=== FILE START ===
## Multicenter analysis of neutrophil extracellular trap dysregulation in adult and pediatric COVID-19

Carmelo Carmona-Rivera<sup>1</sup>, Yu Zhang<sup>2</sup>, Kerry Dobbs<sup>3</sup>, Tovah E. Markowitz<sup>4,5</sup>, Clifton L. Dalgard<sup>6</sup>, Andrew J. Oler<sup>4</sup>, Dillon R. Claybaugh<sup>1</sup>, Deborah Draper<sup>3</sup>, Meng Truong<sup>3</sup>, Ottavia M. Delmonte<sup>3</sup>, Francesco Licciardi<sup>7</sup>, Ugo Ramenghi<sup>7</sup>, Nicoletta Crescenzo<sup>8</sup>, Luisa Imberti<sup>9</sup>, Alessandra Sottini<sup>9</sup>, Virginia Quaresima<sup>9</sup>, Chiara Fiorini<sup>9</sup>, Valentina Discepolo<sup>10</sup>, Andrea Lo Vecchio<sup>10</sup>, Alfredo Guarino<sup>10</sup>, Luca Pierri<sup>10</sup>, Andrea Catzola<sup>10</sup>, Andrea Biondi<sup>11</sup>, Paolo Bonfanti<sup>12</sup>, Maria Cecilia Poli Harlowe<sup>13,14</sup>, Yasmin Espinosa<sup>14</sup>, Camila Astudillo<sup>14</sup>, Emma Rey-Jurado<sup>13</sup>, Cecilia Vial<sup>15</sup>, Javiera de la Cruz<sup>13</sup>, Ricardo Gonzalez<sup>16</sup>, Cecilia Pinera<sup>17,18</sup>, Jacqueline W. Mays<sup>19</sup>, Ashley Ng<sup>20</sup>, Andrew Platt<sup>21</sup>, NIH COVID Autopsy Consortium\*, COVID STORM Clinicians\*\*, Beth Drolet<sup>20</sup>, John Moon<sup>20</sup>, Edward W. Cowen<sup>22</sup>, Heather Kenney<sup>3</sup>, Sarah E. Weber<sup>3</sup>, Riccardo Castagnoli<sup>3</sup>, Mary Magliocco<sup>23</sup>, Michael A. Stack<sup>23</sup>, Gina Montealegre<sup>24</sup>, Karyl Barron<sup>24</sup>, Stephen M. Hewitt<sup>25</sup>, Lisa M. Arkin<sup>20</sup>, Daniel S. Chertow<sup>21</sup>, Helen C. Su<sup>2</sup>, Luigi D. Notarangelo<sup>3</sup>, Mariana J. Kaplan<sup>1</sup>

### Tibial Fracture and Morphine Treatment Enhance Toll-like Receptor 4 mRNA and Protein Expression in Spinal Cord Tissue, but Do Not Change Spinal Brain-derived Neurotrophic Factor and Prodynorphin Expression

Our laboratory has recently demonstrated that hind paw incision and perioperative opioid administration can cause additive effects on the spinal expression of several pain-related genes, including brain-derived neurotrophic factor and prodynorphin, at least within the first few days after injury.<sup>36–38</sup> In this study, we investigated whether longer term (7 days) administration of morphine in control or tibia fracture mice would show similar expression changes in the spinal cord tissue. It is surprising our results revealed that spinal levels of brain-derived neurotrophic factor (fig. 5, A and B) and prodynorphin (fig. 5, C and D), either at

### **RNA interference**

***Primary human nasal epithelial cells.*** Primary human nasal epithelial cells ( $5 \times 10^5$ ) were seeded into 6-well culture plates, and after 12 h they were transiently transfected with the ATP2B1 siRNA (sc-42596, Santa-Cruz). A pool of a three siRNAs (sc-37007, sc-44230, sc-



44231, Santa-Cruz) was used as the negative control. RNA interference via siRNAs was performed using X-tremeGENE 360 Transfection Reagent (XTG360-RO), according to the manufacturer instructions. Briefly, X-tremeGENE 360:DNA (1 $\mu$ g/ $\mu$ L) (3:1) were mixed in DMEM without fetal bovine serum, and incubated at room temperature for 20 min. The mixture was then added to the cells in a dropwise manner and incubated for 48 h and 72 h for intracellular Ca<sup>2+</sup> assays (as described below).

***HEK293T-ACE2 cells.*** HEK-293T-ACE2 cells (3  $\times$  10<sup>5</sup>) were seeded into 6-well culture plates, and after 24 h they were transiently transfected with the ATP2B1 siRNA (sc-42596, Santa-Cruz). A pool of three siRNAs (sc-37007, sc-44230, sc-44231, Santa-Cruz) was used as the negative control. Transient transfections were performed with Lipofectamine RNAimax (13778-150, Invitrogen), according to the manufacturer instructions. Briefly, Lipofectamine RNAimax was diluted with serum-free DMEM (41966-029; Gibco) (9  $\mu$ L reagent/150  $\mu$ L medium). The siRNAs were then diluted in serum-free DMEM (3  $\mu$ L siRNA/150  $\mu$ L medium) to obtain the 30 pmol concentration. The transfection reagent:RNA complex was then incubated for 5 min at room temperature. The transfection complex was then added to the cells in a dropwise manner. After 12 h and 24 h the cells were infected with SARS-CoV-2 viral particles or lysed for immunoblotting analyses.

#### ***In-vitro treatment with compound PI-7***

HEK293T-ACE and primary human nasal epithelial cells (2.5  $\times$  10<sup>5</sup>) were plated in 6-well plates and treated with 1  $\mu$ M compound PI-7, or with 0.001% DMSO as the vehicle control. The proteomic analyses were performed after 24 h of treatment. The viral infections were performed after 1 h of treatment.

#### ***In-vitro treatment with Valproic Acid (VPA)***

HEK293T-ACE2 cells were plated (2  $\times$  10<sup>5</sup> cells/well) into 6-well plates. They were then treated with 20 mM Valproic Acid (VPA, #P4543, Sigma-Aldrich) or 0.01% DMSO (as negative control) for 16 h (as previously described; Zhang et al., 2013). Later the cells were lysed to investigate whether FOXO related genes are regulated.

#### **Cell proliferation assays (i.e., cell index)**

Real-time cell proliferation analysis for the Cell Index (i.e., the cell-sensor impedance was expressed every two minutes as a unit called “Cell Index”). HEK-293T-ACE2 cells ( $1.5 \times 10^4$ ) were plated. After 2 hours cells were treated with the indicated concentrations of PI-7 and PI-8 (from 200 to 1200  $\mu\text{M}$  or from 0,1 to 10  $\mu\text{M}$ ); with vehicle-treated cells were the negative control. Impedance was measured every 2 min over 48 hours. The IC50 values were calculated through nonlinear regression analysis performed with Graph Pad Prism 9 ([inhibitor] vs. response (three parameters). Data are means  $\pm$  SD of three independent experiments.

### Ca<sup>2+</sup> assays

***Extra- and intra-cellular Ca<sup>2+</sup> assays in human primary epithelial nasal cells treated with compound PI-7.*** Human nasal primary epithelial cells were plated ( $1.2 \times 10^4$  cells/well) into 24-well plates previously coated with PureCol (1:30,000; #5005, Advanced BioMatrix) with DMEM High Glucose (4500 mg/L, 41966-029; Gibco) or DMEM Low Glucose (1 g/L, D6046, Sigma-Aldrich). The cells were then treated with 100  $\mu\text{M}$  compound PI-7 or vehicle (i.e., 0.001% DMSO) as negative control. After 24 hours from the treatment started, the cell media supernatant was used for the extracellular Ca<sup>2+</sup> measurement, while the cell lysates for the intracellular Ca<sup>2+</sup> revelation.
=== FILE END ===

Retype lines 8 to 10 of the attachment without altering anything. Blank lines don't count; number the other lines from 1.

***HEK293T-ACE2 cells.*** HEK-293T-ACE2 cells (3  $\times$  10<sup>5</sup>) were seeded into 6-well culture plates, and after 24 h they were transiently transfected with the ATP2B1 siRNA (sc-42596, Santa-Cruz). A pool of three siRNAs (sc-37007, sc-44230, sc-44231, Santa-Cruz) was used as the negative control. Transient transfections were performed with Lipofectamine RNAimax (13778-150, Invitrogen), according to the manufacturer instructions. Briefly, Lipofectamine RNAimax was diluted with serum-free DMEM (41966-029; Gibco) (9  $\mu$ L reagent/150  $\mu$ L medium). The siRNAs were then diluted in serum-free DMEM (3  $\mu$ L siRNA/150  $\mu$ L medium) to obtain the 30 pmol concentration. The transfection reagent:RNA complex was then incubated for 5 min at room temperature. The transfection complex was then added to the cells in a dropwise manner. After 12 h and 24 h the cells were infected with SARS-CoV-2 viral particles or lysed for immunoblotting analyses.

#### ***In-vitro treatment with compound PI-7***

HEK293T-ACE and primary human nasal epithelial cells (2.5  $\times$  10<sup>5</sup>) were plated in 6-well plates and treated with 1  $\mu$ M compound PI-7, or with 0.001% DMSO as the vehicle control. The proteomic analyses were performed after 24 h of treatment. The viral infections were performed after 1 h of treatment.